Discover the fascinating history of Shetland's ancient people at the extraordinary Old Scatness Broch and Iron Age Village. Situated on the South Mainland, Old Scatness is an archaeological site dating back over 5,000 years. During the summer months Old Scatness Visitor Centre is open and you can take a guided tour and see the Living History craftspeople at work. Experience what life was like in the replica Iron Age and Pictish buildings, sit by the fire, play Kubb or perhaps try your hand at the days' activities. The shop sells gifts inspired by some of the finds from the site, and many local craftspeople supply exclusive merchandise.
Situated just next door is the Jarlshof Prehistoric and Norse Settlement, one of the most important and inspirational archaeological sites in Shetland. This extraordinary site has a complex of ancient settlements which cover more than 4,000 years of human history, including late Neolithic houses, a Bronze Age village, an Iron Age broch and wheelhouses, a Norse longhouse, a medieval farmstead and a 16th century laird’s house. Spend time in the fascinating interpretation centre which houses a hands-on display of local materials traditionally used on site including wool, stone, slate and bone. Visitors can also learn all about prehistoric life and the history of the site.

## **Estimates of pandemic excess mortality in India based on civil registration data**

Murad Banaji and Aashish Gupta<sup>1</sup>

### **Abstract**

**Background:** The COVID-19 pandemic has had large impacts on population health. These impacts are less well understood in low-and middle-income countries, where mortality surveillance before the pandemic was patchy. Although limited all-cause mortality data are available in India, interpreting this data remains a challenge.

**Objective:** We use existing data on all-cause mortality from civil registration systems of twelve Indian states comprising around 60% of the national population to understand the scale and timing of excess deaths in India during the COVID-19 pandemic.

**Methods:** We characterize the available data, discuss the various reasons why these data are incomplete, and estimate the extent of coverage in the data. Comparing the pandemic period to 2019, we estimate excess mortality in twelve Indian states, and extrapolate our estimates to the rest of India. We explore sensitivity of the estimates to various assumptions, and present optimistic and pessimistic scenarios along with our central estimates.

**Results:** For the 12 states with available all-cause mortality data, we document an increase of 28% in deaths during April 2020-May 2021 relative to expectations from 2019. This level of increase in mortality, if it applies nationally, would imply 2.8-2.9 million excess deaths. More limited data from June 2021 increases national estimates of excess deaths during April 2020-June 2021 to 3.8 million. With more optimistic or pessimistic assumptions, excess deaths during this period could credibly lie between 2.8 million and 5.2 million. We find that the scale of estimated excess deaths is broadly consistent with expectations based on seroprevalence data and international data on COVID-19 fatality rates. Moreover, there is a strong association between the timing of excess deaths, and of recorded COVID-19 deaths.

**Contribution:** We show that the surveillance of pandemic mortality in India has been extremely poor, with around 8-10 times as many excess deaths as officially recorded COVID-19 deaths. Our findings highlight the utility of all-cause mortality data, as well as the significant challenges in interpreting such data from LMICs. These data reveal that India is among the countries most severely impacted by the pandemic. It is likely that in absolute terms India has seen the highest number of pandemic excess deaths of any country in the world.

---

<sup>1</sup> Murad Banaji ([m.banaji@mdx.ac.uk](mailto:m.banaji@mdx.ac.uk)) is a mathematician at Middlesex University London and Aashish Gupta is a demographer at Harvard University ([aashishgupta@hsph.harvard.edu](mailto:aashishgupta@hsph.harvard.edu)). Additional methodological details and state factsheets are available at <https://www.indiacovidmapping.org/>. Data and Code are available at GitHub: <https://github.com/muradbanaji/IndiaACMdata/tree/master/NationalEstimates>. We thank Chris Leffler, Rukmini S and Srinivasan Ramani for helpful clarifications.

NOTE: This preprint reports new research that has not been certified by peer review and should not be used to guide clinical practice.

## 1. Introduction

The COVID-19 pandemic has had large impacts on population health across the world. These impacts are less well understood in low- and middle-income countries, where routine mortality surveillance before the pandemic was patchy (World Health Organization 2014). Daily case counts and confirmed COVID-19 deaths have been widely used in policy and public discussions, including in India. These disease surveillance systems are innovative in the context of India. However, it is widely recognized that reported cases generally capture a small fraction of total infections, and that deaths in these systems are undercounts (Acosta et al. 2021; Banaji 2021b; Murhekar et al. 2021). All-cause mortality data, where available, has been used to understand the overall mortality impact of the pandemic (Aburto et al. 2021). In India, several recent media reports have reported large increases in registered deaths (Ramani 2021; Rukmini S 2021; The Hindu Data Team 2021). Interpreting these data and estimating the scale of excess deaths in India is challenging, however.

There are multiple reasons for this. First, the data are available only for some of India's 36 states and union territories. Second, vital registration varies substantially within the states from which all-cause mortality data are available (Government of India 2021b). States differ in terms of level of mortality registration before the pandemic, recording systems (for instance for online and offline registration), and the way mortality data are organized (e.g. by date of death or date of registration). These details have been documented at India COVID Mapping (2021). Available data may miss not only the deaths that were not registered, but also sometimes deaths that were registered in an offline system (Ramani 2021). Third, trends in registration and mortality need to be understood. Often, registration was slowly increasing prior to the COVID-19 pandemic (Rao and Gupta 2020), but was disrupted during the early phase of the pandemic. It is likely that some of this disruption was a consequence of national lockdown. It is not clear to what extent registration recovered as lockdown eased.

From there take the scenic drive on the A970 to the village of Hillwell, where you will find the Quendale Mill. Refurbished to match the exacting standards set by the original craftsmen, the mill is a wonderful example of Shetland’s industrial heritage. Visitors to the mill are can take a tour and enjoy exhibits of life in the mill and displays of photos, artefacts and memorabilia from the history of Shetland.
Continue back on the A970 and take the short drive to the picturesque coastal village of Boddam, where you can pay a visit to the Shetland Crofthouse Museum. A perfectly restored example of a 19th century Shetland croft house, the museum effectively recreates the accommodation that would have been typically used by an extended family unit of grandparents, parents and children. Designed to withstand Shetland’s harsh weather conditions, the living quarters, byre and barn would have been accessible all under one roof. Smell the peat fire burning in what was called the ‘but end’ – the kitchen and living area – and see the handmade box bed and bunks the ‘ben end’ or bedroom. There is also a lovely garden outside with a path which leads to a restored watermill.